Monday, May 26, 2014


Note: This was a homily I gave on the weekend of May 25th, 2014. If you would like to readings for the day that I used you can find them here. While not necessary they are a good aid for what follows.

“Be prepared to give an account of the hope in in you … with gentleness and reverence” (1 Pet 3:15-16a). I've recently been able to visit the school where I grew up and the school from my internship. In going to these classrooms the kids eventually open up to me with various questions. Things from as simple as “Why do you wear all black?” and “Why do you wear a collar?” to questions as deep and penetrating as “Why did Jesus have to die for us?” and “Why did Jesus have to come when he did?” It reminds me all the more, especially as I grow older: “Be prepared to give an account of the hope in you.” Our hope is in Jesus Christ, through whom all things were created. How do we come to know the source and reason for our hope? By keeping his commandments, Jesus says, and in keeping them close to our hearts we will also grow in love of Him.

Still others may ask us, “Why do you believe in Jesus? Why do you waste your time on Sunday? Why don't you choose for yourself what's right and what's wrong?” While not necessarily the case, these questions will come from those who neither believe in Jesus not know Him. Nevertheless these are all questions that we need to answer for ourselves.

Jesus, however, has not left us as orphans. He has given us an Advocate, the Holy Spirit. This is the same Spirit who spoke through the prophets and the holy Apostles, the Spirit who is “the giver of life.” Jesus promises us the same Spirit. How then does He send this Spirit? It is no mistake that in our first reading from the Acts of the Apostles (cf. Acts 8:5-17) those who came to believe in Christ received the Holy Spirit from Peter and John. Phillip brought the word of Christ to Samaria—a land to the north—and those who heard came to believe. Yet they sent for Peter and John who were in Jerusalem, in the south, to visit them. They prayed for the Holy Spirit to visit them and they accomplished this task by the laying on of hands.
While not necessarily the route Peter and John took, it's important to recall the animosity between Samaria and Jerusalem dating back many centuries (at that time) and that the notion of both those of Jewish and Samaritan descent would be united was quite unusual.

What does this teach us? It teaches us that we receive the Spirit through the Church, and not just the church we all are in today, though indeed we receive it here. We receive the Spirit, rather, though the Church of our fathers, the community of believers from ancient times to the present day in union with one another. Phillip, though he was an Apostle himself, sought Peter and John to confirm the faith of the Samarians so that the believers in both the south and the north would be one through the same prayer and the same Spirit.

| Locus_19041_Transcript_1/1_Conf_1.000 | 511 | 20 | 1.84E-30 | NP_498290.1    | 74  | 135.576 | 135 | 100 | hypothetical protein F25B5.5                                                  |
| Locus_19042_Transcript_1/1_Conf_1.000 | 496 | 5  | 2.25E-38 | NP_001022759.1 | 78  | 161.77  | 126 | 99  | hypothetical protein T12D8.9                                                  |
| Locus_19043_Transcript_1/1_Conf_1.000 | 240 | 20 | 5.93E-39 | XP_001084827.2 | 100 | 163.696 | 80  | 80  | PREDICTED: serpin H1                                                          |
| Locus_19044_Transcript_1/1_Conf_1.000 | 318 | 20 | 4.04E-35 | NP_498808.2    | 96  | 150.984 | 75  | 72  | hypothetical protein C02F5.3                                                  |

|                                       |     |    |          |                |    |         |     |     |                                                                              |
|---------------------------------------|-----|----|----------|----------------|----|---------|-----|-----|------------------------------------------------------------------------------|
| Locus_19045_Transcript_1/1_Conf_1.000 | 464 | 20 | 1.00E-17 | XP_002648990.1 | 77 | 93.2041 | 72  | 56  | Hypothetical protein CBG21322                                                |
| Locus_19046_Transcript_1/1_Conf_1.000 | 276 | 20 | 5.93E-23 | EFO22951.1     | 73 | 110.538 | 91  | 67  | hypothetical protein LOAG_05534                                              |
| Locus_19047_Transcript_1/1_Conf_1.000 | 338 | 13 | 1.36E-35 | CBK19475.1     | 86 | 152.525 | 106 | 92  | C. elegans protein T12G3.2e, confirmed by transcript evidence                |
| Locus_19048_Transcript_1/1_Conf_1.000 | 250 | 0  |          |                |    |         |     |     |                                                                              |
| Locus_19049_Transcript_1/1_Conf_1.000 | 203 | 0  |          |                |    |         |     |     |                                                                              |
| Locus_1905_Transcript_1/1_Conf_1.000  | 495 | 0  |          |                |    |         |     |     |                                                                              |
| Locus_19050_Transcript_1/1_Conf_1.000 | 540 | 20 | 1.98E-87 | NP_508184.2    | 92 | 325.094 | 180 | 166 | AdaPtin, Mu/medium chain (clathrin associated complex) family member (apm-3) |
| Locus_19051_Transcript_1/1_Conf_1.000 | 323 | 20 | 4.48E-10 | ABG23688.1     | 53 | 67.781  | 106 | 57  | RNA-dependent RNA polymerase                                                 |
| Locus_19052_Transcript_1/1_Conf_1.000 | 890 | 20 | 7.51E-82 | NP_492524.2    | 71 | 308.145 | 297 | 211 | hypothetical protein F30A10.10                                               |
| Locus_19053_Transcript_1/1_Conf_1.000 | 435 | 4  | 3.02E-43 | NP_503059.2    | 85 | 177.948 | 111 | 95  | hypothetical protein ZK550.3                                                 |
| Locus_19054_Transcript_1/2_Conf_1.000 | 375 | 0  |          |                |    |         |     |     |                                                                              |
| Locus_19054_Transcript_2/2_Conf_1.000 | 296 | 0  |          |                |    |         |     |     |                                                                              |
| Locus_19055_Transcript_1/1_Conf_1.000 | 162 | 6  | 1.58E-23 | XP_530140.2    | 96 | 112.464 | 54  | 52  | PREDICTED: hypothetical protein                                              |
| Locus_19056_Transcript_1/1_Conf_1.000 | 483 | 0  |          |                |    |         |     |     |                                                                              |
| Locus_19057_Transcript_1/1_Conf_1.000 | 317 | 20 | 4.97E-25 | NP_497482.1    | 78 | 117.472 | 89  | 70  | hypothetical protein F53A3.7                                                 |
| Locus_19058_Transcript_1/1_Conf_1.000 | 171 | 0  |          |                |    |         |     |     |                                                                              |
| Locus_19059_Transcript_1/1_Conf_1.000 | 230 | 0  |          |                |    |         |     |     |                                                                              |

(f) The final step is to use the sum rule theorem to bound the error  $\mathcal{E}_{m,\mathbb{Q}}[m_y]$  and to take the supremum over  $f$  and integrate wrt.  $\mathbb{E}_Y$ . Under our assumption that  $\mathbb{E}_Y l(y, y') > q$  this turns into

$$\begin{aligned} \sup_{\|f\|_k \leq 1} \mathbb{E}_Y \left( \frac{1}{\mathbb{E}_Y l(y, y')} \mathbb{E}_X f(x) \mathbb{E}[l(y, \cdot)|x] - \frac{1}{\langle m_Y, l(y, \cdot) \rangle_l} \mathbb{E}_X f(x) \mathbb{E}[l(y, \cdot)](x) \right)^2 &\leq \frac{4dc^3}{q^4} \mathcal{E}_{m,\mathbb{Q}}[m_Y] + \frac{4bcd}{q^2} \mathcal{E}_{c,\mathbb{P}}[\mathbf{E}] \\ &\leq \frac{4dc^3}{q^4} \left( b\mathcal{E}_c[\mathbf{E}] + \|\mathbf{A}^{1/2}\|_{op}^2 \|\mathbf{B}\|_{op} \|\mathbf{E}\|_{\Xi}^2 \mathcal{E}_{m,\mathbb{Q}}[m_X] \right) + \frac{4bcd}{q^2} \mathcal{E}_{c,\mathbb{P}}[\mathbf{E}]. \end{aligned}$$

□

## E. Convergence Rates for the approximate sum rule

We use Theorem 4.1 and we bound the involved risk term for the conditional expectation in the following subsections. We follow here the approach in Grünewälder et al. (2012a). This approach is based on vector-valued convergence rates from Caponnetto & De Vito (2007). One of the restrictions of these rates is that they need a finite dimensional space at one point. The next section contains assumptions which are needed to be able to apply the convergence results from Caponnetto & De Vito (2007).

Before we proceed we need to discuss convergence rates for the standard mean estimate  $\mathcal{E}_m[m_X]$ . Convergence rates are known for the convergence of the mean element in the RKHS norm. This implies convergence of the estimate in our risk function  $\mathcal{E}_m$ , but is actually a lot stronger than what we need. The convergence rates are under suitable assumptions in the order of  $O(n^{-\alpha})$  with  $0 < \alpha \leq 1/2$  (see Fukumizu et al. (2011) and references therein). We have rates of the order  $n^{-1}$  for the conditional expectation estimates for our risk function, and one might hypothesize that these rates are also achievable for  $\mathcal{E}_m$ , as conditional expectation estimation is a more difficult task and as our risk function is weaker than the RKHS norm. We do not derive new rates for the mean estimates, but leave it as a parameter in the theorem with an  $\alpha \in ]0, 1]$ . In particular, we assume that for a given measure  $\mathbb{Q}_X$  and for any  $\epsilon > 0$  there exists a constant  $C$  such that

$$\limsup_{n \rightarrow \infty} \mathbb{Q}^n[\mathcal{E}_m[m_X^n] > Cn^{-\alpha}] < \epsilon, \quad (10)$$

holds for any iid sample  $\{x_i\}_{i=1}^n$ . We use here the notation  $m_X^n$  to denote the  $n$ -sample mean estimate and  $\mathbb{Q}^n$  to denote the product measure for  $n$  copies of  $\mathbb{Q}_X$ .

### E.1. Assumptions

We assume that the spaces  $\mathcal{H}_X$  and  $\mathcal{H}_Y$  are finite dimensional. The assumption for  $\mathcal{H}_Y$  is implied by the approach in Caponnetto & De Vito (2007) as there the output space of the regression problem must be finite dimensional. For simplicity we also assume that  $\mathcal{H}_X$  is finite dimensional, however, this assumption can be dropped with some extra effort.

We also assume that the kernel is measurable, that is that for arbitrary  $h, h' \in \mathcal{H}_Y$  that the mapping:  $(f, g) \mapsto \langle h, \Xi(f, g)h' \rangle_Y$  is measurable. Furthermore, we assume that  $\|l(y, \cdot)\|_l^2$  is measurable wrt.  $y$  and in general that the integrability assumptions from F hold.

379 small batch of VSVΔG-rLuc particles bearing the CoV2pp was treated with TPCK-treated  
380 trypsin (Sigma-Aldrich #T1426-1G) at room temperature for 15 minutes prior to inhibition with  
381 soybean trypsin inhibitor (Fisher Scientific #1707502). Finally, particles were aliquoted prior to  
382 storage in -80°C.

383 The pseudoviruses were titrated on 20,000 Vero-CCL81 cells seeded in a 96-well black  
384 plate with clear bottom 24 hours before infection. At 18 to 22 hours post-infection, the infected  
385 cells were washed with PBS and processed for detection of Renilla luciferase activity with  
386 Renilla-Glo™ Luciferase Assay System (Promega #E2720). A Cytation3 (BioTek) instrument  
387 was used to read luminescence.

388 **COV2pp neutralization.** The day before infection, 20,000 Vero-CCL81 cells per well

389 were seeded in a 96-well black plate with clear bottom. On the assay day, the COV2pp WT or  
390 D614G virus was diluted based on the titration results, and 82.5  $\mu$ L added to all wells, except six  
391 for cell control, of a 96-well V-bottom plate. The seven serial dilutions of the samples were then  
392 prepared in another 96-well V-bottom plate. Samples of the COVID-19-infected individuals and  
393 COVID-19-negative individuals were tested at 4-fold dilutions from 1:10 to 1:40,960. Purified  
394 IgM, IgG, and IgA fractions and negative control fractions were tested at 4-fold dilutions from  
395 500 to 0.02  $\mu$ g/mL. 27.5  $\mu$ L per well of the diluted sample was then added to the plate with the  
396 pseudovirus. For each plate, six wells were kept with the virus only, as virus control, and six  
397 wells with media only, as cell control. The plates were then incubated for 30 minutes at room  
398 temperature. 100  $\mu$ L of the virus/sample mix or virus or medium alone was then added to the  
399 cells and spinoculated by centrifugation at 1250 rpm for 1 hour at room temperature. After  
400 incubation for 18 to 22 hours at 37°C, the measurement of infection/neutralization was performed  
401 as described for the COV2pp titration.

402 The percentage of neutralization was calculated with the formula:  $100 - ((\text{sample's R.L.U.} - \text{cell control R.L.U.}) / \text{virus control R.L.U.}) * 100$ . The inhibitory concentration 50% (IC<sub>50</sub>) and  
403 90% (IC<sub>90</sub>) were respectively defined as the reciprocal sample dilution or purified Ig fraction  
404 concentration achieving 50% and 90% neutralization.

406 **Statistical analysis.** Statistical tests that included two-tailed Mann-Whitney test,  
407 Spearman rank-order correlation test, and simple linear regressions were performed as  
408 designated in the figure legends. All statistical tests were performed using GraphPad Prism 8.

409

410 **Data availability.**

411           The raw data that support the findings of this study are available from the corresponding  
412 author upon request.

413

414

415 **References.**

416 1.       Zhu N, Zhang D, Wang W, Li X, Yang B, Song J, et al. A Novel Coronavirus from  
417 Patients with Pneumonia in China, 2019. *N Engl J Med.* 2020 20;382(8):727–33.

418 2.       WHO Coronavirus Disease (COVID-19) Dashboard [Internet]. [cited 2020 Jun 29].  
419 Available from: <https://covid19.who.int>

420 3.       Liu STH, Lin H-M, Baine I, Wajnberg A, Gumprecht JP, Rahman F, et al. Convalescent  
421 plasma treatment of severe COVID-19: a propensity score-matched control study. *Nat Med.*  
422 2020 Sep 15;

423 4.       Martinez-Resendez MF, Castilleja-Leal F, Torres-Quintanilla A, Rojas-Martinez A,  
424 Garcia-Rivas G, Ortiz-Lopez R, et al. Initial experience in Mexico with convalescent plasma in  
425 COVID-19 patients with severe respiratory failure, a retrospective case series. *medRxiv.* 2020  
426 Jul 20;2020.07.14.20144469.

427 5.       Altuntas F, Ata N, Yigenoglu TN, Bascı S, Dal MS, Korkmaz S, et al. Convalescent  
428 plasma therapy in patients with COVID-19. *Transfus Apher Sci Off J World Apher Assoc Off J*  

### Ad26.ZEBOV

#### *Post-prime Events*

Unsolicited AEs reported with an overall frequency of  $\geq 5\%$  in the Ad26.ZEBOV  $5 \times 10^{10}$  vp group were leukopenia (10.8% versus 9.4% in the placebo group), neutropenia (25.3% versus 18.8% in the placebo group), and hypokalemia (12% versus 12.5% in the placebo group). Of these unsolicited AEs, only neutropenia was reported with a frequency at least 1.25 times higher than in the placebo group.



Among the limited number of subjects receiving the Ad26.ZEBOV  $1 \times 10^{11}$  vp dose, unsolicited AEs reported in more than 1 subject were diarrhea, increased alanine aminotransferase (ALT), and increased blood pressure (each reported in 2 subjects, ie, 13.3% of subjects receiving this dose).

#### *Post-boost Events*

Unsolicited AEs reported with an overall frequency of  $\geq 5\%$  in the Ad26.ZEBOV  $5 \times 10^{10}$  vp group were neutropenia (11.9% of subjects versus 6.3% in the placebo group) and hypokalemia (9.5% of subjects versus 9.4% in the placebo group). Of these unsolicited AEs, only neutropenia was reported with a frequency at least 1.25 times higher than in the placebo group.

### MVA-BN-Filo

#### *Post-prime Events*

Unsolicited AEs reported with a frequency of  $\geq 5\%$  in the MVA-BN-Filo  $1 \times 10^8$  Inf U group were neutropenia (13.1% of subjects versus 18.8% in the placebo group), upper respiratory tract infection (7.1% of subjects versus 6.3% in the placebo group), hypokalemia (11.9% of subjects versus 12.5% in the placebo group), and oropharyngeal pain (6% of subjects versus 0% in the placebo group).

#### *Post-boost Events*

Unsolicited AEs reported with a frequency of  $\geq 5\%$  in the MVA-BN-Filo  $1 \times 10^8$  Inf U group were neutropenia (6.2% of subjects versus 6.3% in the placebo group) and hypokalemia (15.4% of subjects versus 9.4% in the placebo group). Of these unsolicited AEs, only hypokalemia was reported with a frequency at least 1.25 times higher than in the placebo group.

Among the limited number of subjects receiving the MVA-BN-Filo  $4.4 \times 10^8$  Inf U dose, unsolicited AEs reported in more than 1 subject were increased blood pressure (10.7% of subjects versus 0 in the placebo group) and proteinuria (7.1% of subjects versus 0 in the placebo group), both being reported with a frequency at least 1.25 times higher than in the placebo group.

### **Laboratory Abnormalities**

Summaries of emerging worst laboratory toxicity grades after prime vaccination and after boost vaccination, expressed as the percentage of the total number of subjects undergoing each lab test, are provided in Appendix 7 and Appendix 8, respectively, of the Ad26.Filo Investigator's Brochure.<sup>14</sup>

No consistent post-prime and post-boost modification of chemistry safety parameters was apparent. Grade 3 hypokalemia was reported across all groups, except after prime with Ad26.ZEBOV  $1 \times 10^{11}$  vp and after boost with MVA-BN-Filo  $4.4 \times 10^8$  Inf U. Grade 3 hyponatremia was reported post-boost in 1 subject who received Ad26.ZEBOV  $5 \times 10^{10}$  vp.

But perhaps some will ask, “Doesn't our faith alone make us one? Why do we need the Church?” I answer to them that just as we could not exist without our mother our faith could not exist without our mother, the Church. Just as we have received life as a gift we must also give our lives as a gift. In the same way we have received our faith as a gift, given to us through those who believe. Parents might understand this analogy best, but all of us are sons and daughters so I believe we can all relate to this fact: we receive our traits from our parents and as we grow older we resemble the features of our parents. Moreover we also find that, deep down, our children inherit our mannerisms, our attitudes, and our dispositions. If this is true then it is indeed also true that our faith is the same. In living Jesus' commandments we transform ourselves and we inherit His traits, His dispositions, and imitate Him more closely. And when we as adults do this we give this to our children so they might also resemble Christ a little bit more each day. Our hope, then, is that by inheriting these things they may also inherit His very image as sons and daughters of God.

Through all this we discover this truth: faith is not a private possession but a gift that is handed down from generation to generation. The Church aids us in handing down this faith through her sacraments, her prayers, and by her members (us included) who safeguard this precious gift and offer it to everyone.

We will all return to our own lives, our own problems, and our own homes in a very short while. But we are one in Christ's Body, the Church. The Spirit will come to us when we pray as one, united to the whole Body of Christ. Jesus, truly, will not leave us as orphans. He has given us a home this very day.